There is still a great deal left to be understood about how widespread human trafficking is and how it works. Polaris holds the largest known data set on human trafficking in North America, which grew out of more than a decade of operating the U.S. National Human Trafficking Hotline. Internally, we scour the data for patterns and other information that form the underpinning of our pilot programs, policy decisions and long-term strategies. And we make findings from the data set available to others in research, academia and the anti-trafficking movement because the more we all know, the faster we can end it.
Here’s what we know about human trafficking in North America
By connecting victims and survivors to supports and services for more than a decade, Polaris has built a data set that allows us to find patterns and use those patterns to dismantle systems that make human trafficking possible. In doing so, we can turn individual pain into collective power.
Every year, Polaris publishes data based on calls, text messages, webforms, emails and webchats with the U.S. National Human Trafficking Hotline. This data, while limited and self-selecting, offers important insights into patterns of sex and labor trafficking in North America.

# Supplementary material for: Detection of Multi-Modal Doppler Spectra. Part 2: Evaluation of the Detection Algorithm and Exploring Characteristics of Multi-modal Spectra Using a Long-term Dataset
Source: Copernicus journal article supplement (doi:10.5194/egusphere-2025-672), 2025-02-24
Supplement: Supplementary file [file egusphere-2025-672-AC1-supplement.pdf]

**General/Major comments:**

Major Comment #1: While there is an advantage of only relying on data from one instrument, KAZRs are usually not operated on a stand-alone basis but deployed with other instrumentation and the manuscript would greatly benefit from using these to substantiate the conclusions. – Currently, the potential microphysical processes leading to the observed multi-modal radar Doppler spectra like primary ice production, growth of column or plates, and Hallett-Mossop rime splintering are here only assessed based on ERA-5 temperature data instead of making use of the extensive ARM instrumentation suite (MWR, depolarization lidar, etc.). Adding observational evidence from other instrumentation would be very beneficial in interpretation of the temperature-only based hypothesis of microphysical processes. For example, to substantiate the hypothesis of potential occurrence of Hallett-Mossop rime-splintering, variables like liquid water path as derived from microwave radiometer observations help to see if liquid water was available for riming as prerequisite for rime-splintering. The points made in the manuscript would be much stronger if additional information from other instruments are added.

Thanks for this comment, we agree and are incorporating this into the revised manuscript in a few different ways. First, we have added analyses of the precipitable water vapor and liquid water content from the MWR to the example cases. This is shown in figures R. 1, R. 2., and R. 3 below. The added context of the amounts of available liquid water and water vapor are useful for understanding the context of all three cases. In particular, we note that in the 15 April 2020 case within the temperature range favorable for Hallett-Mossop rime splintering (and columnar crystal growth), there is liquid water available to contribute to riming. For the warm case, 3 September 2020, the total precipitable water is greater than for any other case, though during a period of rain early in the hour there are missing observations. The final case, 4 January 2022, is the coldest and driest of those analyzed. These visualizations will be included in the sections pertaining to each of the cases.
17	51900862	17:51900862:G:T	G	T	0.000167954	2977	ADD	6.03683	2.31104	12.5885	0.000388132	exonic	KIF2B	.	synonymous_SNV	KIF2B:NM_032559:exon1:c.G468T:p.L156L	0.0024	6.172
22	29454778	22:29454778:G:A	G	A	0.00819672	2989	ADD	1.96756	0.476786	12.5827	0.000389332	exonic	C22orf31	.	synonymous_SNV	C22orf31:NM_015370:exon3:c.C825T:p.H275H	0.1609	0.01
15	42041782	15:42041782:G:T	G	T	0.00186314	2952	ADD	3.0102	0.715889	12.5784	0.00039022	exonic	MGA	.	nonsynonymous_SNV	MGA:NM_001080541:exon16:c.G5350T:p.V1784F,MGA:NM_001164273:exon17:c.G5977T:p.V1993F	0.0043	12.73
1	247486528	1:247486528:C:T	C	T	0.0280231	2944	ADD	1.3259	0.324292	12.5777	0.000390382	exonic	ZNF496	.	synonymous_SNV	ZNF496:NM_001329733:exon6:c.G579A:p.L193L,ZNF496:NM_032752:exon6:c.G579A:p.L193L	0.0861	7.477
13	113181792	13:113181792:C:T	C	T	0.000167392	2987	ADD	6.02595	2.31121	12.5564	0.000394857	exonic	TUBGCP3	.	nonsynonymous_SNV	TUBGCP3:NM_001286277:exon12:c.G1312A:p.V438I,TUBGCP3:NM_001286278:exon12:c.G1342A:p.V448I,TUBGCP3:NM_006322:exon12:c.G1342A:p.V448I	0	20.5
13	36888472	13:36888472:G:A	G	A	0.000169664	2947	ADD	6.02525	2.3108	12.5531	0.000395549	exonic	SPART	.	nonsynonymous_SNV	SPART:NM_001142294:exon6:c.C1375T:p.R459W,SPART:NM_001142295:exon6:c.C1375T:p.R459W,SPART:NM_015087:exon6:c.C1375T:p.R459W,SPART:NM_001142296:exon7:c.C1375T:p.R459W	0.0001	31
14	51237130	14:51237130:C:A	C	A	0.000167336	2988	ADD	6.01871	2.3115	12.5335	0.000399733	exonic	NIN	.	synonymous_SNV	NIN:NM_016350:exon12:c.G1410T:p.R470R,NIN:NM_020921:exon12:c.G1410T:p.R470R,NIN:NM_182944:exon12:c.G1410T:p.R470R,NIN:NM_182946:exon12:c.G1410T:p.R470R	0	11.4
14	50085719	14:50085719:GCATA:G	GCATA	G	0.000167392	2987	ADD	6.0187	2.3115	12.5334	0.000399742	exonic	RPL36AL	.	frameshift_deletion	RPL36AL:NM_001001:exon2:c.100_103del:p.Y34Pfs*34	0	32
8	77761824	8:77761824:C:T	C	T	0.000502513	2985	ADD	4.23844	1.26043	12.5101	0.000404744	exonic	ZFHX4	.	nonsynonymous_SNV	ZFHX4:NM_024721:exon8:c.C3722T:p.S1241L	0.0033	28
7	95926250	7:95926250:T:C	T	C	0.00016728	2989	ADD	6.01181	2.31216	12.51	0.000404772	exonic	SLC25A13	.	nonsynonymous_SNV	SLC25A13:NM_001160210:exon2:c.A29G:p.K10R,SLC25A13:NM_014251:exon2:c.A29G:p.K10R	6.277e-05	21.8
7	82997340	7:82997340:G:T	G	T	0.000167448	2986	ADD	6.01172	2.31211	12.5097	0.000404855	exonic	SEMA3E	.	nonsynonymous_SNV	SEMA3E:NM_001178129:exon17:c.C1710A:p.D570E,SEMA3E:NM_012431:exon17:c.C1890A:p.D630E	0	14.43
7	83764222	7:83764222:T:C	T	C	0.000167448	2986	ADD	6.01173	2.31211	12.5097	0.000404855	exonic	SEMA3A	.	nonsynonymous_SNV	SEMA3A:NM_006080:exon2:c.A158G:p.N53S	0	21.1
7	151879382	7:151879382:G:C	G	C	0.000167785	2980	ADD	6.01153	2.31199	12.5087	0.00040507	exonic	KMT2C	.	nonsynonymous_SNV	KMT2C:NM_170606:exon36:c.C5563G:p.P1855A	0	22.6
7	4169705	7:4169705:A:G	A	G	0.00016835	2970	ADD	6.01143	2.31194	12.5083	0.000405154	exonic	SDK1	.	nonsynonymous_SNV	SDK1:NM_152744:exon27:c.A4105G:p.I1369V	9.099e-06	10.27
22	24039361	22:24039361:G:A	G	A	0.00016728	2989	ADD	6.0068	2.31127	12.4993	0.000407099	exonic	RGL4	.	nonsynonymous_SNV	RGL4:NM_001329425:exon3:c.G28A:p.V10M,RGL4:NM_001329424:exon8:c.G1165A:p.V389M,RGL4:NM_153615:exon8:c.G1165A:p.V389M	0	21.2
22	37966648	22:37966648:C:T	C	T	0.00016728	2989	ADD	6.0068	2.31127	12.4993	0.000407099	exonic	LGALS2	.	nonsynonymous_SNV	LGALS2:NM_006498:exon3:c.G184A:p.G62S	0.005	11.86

The Counter-Trafficking Data Collaborative is a joint project of Polaris, the United Nations’ International Organization for Migration and other partners, which houses the first-ever global data repository on human trafficking. This information provides a much-needed evidence base for programs and policies designed to disrupt and eradicate human trafficking around the world.
In 2017, Polaris took a closer look at nearly a decade of data from the U.S. National Human Trafficking Hotline to break down those broad categories even further. What we found is that human trafficking in the United States consists of 25 different types, each with its own distinctive business model. The details are vital. To end human trafficking in the United States, we first have to truly understand how it affects real people, in real time, and who can and should play a role in ending it.
Polaris’s data makes very clear that migration – both internal and to another country, legally and otherwise – is a key vulnerability for human trafficking because migrants so often fall outside of the full legal protections of their countries of origin, countries of transit, and countries of destination. Those victimized by human traffickers in the United States are disproportionately from Latin America – most frequently from Mexico. With that in mind, Polaris has undertaken research to better map the conditions that allow for labor trafficking in Mexico and facilitate the trafficking of Mexican and other foreign nationals to the United States through legal, temporary work visas.